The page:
Slave trader Colston's name removed from Bristol's main music venue

15 June 2020, 08:04 | Updated: 15 June 2020, 10:18

Bristol's main music venue has had the name of slave trader Edward Colston removed from it as the city reacts to Black Lives Matter protests.

The iconic venue, which has played host to musical greats from Queen to The Beatles, was named Colston Hall when it opened in 1867 as it was on the same site that Edward Colston had a sugar refinery in the late 17th century, and then a school he founded.

A plan to change its name has been in the works for the past three years but after Black Lives Matter protesters pushed Colston's statue into nearby Bristol Harbour last week, the venue's management decided to remove the slave trader's name from the outside of the hall without further delay.

The venue, which has undergone a multi-million pound restoration over the past few years, does not yet have a new name.

Louise Mitchell, chief executive of the Bristol Music Trust which manages the venue, told Sky News: "It just feels like the right time, it's always something we've planned to do.

"In light of recent events it's focused our minds that we made a pledge to rename the building and this is a demonstrable evidence that we're serious about doing that."

On what the new name could be, she added: "We're listening, we're talking to communities.

"We were about to go into the final phase of consultation just before lockdown, so we put that aside to deal with organisational survival, putting music lessons online, and now we've picked this up again."

In a statement, the Bristol Music Trust said it is a "symbolic moment" and a "public demonstration of the commitment" it made to change the name, which will be announced this autumn.

"We believe we are here to share the unity and joy that music brings us," it added.

"The hall was built 150 years after Colston's death and not founded with any of his money. We cannot continue to be a monument to his memory."

Edward Colston's name is firmly attached to Bristol, with the former Colston Hall on Colston Street, near Colston Tower.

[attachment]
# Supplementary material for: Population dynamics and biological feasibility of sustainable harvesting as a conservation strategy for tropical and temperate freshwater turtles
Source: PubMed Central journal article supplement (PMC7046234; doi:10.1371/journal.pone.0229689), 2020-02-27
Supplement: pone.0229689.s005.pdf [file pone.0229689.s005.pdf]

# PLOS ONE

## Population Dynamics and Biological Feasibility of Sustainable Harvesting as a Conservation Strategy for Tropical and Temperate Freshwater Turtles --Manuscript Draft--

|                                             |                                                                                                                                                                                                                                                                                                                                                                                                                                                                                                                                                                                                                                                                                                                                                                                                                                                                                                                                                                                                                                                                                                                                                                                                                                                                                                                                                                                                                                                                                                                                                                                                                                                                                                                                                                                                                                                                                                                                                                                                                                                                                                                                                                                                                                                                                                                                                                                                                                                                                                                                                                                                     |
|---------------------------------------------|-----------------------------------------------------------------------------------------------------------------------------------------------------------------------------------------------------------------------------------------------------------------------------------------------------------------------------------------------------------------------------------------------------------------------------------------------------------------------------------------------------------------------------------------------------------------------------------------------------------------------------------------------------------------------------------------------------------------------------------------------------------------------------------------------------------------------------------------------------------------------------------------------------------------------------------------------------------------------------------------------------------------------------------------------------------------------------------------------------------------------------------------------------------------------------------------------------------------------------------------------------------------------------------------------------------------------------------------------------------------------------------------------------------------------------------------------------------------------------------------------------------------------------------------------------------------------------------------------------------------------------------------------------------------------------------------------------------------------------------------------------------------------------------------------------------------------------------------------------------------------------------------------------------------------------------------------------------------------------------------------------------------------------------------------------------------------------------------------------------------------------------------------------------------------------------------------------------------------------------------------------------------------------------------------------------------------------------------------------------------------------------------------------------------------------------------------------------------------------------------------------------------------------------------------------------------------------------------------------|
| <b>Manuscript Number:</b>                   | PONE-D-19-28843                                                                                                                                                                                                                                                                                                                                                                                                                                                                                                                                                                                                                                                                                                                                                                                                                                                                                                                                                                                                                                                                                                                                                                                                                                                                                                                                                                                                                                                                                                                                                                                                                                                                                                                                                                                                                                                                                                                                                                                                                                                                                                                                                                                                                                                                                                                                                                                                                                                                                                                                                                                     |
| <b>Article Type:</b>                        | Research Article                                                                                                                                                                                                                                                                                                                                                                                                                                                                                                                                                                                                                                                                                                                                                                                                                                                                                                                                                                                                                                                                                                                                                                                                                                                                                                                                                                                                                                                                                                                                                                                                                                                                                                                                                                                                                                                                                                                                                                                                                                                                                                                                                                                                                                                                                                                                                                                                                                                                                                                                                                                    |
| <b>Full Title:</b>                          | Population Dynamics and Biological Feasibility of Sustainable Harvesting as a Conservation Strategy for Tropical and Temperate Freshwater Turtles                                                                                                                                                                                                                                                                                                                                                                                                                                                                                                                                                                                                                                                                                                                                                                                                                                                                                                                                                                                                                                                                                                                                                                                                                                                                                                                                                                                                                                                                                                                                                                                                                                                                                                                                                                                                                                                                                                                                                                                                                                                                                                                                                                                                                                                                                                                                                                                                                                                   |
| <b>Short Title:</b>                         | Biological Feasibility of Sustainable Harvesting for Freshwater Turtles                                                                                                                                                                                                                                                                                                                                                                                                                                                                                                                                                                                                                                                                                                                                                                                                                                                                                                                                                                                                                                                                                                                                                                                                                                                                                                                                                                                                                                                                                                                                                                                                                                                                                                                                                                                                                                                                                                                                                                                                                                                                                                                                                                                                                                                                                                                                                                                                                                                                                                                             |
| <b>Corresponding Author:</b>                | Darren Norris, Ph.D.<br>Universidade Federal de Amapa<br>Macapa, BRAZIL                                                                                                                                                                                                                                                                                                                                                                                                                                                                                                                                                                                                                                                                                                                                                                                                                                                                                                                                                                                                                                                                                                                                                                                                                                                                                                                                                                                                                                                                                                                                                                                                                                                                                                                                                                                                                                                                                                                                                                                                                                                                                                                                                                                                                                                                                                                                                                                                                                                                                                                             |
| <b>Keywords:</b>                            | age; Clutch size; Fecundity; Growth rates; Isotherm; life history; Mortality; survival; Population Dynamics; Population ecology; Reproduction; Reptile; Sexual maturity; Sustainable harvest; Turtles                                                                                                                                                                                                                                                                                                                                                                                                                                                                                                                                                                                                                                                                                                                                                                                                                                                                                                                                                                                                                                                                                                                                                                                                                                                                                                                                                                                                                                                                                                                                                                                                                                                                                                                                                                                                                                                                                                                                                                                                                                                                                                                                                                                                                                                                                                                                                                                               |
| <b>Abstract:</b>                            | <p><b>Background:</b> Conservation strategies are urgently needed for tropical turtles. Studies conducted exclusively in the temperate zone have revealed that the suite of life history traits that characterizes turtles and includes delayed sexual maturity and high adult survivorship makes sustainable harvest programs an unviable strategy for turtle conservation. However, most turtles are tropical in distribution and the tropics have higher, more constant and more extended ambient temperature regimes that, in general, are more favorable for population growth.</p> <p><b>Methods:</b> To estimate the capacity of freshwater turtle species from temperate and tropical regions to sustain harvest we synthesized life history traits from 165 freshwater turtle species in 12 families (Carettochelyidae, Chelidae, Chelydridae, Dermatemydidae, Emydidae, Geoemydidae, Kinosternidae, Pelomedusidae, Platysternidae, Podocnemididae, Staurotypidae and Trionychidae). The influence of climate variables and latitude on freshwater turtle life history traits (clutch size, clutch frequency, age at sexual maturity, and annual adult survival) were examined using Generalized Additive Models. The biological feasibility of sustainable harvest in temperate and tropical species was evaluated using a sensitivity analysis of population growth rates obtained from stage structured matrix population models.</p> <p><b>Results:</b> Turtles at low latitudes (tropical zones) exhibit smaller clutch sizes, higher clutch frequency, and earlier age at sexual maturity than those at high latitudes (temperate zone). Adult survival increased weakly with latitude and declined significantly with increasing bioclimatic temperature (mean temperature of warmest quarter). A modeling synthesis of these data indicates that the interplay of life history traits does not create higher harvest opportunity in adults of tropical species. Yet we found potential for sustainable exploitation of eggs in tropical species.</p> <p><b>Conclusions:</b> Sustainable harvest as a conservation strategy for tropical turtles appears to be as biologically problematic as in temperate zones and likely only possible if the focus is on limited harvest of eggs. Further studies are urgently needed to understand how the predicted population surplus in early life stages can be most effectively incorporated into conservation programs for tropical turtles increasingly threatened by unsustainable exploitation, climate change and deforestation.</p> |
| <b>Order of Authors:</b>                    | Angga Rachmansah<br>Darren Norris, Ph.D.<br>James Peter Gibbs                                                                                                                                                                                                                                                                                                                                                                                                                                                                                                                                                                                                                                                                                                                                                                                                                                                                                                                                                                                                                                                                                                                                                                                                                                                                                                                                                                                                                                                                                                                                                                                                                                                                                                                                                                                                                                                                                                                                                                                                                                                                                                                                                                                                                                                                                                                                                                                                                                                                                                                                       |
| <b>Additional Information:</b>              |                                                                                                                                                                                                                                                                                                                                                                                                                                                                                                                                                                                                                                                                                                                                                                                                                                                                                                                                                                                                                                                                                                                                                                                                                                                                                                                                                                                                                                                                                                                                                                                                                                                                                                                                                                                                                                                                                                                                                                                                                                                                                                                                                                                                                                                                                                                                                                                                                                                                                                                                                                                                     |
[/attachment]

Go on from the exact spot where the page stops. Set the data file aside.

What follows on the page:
There is also a Colston Girls' School just over a mile away from the hall, two other schools named after the slave trader, as well as a Colston Yard and Colston Avenue.

His statue, erected in 1895 in honour of his philanthropy, was toppled into Bristol Harbour on 7 June by people protesting against the death of George Floyd in the US and was recovered a few days later.

It will be displayed in a museum with the graffiti and ropes placed on it by protesters.

Colston has been a source of contention in Bristol since the 1990s as the origin of his money became more widely known.

He was originally celebrated due to his large donations of money to schools, hospitals, almshouses, workhouses and churches throughout England, but particularly in his home city of Bristol.

Until the end of the 20th century the fact that most of his fortune was made through transporting more than 84,000 slaves from West Africa to the Americas, of which about 18,000 died en route, was largely ignored.

For the past nearly 30 years there have been numerous campaigns to remove his statue and in 1998 "SLAVE TRADER" was spray painted on its base.

An unofficial art installation appeared in front of it to mark Anti-Slavery Day in 2018, depicting about a hundred figures on a slave ship surrounded by a listing of jobs typically done by modern-day slaves.

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